Editorial: Five years after the Aliso Canyon methane leak, California is still too reliant on fossil fuels


Five years ago, a broken well in the Aliso Canyon underground natural gas storage field in Porter Ranch caused the largest leak of methane in U.S. history.

The leak forced more than 8,000 families to temporarily flee their homes because of the sickening smell. Over four months, the facility released more than 100,000 metric tons of methane — a potent greenhouse gas. The effects of the leak were equivalent to the carbon dioxide emissions released from burning over 1 billion gallons of gasoline.

The Aliso Canyon leak was an environmental catastrophe on the scale of the Deepwater Horizon oil spill in the Gulf of Mexico in 2010. Like that earlier disaster, the Aliso Canyon blowout forced a reckoning with the risks and consequences of relying on fossil fuels. And it prompted leaders to call for the eventual shutdown of the Aliso Canyon underground storage field, something that would be feasible only if the state reduced its dependence on natural gas.


If there can be a silver lining to an environmental disaster, it would be that the blowout spurred innovation and aggressive new renewable energy targets. The Los Angeles City Council began studying the transition to 100% renewable energy and committed to phase out three natural-gas-fueled power plants in the region. Plus, the temporary closure of Aliso Canyon prompted Southern California Edison and San Diego Gas & Electric to invest in their first battery-based storage facilities. That helped prove the viability of using batteries to store excess power, which will be essential as California increases the use of intermittent sources of renewable energy such as wind and solar.

But other ambitious efforts to reduce the region’s reliance on natural gas and, thus, on facilities like Aliso Canyon have stalled — or haven’t even gotten off the ground.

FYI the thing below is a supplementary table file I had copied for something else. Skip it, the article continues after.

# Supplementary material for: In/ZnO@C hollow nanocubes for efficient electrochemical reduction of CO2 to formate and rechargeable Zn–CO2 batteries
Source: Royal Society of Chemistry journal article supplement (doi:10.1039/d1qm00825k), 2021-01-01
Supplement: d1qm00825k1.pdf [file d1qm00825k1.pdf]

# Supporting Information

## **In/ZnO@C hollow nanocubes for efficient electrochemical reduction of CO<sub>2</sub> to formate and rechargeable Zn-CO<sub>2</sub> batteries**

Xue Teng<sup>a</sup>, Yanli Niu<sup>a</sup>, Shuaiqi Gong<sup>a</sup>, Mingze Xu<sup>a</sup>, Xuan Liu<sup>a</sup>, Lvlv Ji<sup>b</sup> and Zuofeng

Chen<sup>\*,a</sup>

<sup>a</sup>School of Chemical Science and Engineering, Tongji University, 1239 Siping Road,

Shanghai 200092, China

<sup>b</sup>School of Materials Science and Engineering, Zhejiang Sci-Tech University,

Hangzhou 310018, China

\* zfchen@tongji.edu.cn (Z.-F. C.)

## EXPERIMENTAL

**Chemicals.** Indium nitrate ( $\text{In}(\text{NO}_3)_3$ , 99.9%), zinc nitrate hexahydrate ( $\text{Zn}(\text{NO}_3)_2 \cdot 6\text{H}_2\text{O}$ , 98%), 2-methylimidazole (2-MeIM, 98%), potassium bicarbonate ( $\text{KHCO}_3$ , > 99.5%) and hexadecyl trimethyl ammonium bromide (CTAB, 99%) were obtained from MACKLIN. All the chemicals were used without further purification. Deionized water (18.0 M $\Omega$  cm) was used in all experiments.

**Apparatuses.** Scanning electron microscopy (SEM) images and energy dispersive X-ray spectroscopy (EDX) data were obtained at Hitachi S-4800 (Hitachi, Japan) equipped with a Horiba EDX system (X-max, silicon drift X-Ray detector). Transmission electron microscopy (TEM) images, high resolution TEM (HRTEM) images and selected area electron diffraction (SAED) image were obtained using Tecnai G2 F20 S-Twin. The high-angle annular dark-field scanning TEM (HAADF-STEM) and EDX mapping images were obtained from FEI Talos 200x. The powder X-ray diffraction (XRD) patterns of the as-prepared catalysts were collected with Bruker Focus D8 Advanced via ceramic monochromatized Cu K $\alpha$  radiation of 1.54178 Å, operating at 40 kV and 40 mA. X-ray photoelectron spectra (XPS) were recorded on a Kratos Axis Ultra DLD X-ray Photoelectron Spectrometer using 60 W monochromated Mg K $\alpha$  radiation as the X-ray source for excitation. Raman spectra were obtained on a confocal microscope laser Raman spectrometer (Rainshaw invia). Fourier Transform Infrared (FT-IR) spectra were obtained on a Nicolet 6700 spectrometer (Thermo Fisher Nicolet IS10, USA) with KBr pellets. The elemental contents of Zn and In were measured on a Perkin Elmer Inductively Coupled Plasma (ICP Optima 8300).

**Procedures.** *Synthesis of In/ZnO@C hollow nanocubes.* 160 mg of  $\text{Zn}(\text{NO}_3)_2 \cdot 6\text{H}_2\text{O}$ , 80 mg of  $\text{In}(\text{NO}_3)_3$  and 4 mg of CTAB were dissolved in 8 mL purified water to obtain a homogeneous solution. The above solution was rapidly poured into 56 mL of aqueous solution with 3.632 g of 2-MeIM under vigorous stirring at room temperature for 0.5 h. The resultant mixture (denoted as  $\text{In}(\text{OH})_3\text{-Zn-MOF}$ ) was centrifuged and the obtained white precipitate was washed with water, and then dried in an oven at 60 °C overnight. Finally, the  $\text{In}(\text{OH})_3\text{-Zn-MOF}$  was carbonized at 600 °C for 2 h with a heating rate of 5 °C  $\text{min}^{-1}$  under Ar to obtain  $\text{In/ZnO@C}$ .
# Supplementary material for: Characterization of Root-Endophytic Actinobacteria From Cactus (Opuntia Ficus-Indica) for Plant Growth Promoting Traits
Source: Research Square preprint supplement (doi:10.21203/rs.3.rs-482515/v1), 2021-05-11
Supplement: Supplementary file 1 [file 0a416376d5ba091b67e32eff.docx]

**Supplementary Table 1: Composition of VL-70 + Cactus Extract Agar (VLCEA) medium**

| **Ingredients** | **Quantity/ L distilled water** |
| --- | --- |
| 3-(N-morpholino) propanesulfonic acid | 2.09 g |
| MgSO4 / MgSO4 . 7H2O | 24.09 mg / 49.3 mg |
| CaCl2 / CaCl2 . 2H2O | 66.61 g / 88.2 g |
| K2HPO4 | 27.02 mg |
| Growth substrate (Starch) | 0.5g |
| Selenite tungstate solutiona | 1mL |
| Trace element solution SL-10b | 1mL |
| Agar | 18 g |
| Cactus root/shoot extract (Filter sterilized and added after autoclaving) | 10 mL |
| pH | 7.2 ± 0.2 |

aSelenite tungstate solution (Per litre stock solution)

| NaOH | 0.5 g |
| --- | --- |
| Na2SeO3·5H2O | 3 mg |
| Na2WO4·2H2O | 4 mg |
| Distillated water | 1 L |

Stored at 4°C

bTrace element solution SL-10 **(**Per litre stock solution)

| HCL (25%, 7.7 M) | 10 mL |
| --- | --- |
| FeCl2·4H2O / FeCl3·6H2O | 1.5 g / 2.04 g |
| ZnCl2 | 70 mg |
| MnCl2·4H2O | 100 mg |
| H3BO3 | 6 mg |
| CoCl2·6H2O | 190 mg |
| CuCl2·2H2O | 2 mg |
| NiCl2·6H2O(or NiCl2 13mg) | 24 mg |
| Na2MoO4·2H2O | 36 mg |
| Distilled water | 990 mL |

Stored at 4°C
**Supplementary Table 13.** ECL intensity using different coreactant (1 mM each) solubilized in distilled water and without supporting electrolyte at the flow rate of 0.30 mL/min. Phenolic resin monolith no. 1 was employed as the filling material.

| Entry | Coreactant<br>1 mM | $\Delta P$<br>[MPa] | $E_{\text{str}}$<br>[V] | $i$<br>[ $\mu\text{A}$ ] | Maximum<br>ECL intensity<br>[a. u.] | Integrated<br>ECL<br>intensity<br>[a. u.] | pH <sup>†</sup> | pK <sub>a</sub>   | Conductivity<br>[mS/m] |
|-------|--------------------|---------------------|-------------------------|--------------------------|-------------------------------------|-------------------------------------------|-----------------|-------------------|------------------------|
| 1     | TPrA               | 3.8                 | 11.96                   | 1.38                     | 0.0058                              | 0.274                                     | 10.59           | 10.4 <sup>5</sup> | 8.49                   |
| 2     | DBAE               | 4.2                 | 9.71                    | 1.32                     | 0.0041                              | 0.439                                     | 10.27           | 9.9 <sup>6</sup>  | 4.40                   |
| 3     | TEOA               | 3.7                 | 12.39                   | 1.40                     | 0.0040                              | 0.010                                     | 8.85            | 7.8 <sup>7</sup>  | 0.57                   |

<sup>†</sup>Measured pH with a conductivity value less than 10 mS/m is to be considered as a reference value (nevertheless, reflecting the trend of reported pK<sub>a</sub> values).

In 2017, then-Gov. Jerry Brown’s administration said Aliso Canyon’s natural gas storage would be phased out in a decade. But the planning moved at a glacial pace. Gov. Gavin Newsom announced last year that he wanted to fast-track the shutdown and directed the new California Public Utilities Commission president to expedite planning for the facility’s closure.

The commission, however, is analyzing what it will take to close Aliso Canyon no sooner than 2027 — or as late as 2035, a decade before California is supposed to transition to 100% clean power. It’s clear that the state’s energy overseers are reluctant to give up Aliso Canyon’s gas storage capacity, which they say helps keep prices lower and supplies steady during cold snaps and heat waves. But continuing to rely on fossil fuels conflicts with California’s climate goals and the state’s desperate need to slow global warming, which is worsening fire seasons, droughts and other impacts.

There’s reluctance, and obstruction, in other policy areas too. About a quarter of Southern California Gas Co.’s supply goes to residential customers, so reducing or eliminating natural gas use in homes would help reduce reliance on Aliso Canyon. But there’s been little political will to enact building codes that require new homes to be equipped for all-electric appliances. Roughly 30 cities in California have passed building electrification laws, and just one — Santa Monica — is in Los Angeles County.

California has already committed to decarbonizing its energy system in the coming decades. Why continue to construct homes and offices that rely on natural gas? It will cost residents far more in the future to retrofit homes for all-electric systems.


There’s no reason that Newsom — who recently pledged that the state would bar the sale of gasoline-fueled cars after 2035 — can’t also issue an executive order to phase out gas appliances in new homes. Likewise, the California Energy Commission is due to update the state’s building energy code next year. The commission in 2018 required solar panels on new homes; it makes sense to also require new homes to be all-electric to take advantage of those panels.

None of these are easy changes, practically or politically, but they are essential for cleaner, healthier communities and the planet. The Aliso Canyon leak was a wake-up call about the dangers of fossil fuels. In the five years since, as the climate has become hotter and droughts, fires and flooding more intense, it’s become even more apparent that California has to move much faster to change the way we create and consume energy.